Everyone loves a cat story, and Nannion by Andreas Androutsellis-Theotokis features the eponymous off-white street cat in a surprising science fiction tale of earth sciences and Greek history. Although not a story for children (Nannion, the cat’s namesake, was in fact a prostitute in Ancient Greece) there is a childlike quality to the narration that makes the cat’s relationship with Claire, a lonely and dying marine biologist working in the Aegean Sea around Athens and the island of Dioptra, cozy reading.
As the book goes on, other characters working in marine sciences come into the story. The team learns about all kinds of watery wonders that lurk in the waters of an abandoned experiment when a photograph of a shark piques their curiosity.
Nannion then experiences a life-changing event, but becomes less of a major player in the story. In fact, the story moves into an environmental science fiction near-disaster novel, with the scientists trying to figure out how to prevent a natural catastrophe on the island. The second half of the book definitely turns into something unexpected, sometimes sad, and is fairly creepy at times, especially when you get sentences such as,
About half a kilometer down the old spiral road, Humanoid summoned Eel…
Science is definitely put aside for spiritual and philosophical discourse, but then this is a novel set in Greece after all! Given this book is coming from a different cultural perspective to that of most English speakers, there is a set of cultural markers for the author that although completely unfamiliar and even odd at times, should add to the interest of this unique novel for readers.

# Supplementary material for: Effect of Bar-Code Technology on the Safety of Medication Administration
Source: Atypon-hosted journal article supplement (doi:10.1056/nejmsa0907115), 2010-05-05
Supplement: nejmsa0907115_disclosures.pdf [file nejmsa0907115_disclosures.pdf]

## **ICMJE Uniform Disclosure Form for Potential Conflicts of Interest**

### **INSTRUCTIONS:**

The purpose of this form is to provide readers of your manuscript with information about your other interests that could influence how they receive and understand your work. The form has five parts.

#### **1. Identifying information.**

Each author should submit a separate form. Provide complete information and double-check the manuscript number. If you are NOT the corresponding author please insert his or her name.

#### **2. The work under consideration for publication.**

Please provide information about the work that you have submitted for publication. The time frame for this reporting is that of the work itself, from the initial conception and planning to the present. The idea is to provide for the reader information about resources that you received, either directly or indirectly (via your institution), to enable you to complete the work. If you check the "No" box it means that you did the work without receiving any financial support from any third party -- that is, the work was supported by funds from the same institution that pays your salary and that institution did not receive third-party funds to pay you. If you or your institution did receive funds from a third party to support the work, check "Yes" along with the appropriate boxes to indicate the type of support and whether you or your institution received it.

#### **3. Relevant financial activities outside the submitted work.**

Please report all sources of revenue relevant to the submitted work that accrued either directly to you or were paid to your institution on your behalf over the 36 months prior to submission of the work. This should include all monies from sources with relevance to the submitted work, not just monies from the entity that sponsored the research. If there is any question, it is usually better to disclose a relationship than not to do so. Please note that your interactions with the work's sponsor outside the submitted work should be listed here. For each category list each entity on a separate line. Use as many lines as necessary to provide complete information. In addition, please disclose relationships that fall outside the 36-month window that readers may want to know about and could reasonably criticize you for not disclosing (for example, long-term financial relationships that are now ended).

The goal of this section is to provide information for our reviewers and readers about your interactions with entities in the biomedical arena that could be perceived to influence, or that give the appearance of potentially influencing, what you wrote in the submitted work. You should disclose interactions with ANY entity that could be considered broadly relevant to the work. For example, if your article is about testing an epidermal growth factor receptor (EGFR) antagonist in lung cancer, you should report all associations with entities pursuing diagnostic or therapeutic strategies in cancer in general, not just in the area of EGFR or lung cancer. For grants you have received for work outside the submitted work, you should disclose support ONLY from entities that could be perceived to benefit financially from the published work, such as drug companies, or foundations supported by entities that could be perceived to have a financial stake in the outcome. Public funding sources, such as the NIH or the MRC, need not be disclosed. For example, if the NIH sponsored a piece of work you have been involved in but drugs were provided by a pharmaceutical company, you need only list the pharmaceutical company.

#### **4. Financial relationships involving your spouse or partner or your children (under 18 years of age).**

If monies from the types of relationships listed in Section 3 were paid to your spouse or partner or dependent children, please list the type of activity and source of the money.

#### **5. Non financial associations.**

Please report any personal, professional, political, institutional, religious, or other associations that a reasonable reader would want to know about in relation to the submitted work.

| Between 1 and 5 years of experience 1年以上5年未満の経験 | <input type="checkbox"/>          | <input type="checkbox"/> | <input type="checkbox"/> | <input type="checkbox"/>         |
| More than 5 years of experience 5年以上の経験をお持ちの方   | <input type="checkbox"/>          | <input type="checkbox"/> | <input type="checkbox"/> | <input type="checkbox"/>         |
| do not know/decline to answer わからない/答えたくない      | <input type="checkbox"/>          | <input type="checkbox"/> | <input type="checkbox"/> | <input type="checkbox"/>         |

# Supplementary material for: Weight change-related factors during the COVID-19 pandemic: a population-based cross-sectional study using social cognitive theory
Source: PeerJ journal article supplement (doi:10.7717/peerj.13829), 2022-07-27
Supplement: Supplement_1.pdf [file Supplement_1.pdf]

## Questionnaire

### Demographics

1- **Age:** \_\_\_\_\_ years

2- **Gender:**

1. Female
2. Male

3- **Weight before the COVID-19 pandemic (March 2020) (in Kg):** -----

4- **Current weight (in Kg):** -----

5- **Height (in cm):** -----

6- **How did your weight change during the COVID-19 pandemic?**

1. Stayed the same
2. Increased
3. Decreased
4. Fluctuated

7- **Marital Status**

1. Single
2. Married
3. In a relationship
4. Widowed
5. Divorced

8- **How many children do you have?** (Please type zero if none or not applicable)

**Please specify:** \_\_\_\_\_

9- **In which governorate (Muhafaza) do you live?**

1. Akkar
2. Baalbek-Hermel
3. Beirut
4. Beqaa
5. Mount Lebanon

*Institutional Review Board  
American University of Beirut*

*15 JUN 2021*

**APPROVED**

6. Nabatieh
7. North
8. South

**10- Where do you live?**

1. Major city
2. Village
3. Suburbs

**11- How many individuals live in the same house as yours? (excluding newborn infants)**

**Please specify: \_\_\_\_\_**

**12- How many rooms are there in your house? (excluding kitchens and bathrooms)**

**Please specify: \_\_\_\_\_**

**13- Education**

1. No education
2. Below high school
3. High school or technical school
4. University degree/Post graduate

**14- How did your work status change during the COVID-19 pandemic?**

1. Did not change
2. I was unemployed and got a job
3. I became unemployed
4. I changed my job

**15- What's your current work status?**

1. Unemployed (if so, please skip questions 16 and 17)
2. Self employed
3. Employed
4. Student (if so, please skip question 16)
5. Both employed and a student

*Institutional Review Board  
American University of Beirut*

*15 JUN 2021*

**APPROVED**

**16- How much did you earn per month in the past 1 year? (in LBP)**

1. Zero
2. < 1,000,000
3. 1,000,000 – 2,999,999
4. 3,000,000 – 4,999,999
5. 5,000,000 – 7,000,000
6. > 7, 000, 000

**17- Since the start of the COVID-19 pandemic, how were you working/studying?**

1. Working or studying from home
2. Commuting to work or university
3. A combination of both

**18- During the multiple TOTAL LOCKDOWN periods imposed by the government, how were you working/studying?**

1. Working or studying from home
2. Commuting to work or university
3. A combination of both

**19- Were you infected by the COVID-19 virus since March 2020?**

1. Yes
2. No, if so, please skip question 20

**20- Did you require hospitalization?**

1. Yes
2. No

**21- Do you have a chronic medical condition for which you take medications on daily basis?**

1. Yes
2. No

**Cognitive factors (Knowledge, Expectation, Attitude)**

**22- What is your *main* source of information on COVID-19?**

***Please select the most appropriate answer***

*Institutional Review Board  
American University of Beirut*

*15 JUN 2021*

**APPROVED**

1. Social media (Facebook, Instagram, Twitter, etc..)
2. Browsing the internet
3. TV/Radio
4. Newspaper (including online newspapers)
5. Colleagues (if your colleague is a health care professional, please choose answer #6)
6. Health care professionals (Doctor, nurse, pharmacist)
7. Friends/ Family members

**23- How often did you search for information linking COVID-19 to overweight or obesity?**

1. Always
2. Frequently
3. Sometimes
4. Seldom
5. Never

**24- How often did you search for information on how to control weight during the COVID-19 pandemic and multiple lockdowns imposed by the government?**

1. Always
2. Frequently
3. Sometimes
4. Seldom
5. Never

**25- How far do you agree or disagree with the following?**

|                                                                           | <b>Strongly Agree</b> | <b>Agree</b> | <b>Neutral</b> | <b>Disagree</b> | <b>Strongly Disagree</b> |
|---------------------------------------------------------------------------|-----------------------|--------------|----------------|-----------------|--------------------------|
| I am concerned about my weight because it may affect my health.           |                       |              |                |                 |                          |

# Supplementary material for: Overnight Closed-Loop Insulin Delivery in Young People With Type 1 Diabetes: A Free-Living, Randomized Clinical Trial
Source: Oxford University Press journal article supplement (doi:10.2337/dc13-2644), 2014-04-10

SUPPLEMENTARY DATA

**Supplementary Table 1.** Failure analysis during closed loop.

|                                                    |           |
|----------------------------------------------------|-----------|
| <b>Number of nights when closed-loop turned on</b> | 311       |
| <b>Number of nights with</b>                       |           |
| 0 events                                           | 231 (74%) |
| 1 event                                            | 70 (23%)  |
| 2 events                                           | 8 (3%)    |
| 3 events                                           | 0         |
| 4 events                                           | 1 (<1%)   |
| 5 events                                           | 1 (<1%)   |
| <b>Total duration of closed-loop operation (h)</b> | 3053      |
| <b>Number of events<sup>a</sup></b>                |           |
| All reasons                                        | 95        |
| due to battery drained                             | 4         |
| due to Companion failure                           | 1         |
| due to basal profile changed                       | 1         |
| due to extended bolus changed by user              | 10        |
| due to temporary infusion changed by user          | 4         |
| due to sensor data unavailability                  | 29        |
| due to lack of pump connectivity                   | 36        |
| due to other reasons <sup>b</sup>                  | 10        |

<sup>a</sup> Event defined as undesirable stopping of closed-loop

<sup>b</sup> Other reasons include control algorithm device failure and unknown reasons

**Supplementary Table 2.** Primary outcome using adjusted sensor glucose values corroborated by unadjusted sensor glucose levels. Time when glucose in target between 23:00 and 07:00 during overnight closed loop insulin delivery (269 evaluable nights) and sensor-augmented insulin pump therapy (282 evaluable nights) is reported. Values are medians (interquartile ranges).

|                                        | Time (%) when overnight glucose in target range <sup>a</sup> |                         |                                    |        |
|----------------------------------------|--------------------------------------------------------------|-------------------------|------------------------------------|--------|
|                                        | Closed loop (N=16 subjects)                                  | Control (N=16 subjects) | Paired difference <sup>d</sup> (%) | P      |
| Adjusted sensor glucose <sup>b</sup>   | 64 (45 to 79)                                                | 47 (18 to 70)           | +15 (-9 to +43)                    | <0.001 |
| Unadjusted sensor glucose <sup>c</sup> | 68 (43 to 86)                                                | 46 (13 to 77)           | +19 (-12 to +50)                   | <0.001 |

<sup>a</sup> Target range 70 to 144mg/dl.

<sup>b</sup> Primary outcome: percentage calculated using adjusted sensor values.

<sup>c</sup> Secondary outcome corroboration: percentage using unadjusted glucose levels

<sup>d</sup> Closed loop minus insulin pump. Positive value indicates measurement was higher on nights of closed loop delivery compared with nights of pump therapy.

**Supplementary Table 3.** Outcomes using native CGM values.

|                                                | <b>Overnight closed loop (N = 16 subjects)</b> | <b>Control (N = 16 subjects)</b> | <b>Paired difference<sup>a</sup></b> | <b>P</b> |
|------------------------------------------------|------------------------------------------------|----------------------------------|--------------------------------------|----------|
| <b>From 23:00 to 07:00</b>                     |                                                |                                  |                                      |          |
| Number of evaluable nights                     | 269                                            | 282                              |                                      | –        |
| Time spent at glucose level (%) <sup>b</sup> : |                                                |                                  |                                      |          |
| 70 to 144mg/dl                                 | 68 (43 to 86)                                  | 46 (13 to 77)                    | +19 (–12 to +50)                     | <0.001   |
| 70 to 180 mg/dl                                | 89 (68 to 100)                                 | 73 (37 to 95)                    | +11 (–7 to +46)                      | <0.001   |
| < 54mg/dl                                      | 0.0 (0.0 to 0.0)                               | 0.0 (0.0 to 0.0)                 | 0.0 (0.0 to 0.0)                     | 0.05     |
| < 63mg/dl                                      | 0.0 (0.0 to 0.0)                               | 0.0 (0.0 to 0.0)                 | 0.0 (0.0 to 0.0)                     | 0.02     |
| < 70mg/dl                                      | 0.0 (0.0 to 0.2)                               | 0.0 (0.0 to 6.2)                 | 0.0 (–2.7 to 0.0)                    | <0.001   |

The fact that it is also set partly in the 1950s, a period of recovery from the recent Civil War that meant financial and social ruin for years to come, is an interesting backdrop for a story about potential disaster, with modern political aggression rubbing up alongside the remains of Ancient Greece and all its struggles. There is something of Patricia Highsmith’s The Two Faces of January in the atmosphere of the book, where battles of philosophy and theology play out in front of the characters’ very eyes in miniature, leading to decisions that need to be made before things escalate to universal proportions. And such is this story: Starting out as a gentle street cat’s tale, it’s evident early on there’s many layers to be peeled back before we reach the end of this captivating journey.
There’s no doubt that Androutsellis-Theotokis took his native life experiences to create this work, and it’s to wonderful effect. Anyone reading this book, even if they have visited Greece, will find something they didn’t know about the locale here, guaranteed. He writes visually and in detail, so the many action scenes come to life. The bizarre nature of what the scientists find is well-imagined and original. The story is something like The Abyss with a cat and Ancient Greece in the mix for a really different take on the theme of science versus nature.
On the downside, there are some issues with proofreading, which is a shame as the book is so singularly unique. Also, readers shouldn’t be too disappointed that the cat, although key at times, isn’t in it as much as you might expect from the title and introduction of the book.
Overall, if you are looking for something different than your usual science fiction-fantasy read, then this is it, as you won’t find many books like Nannion.
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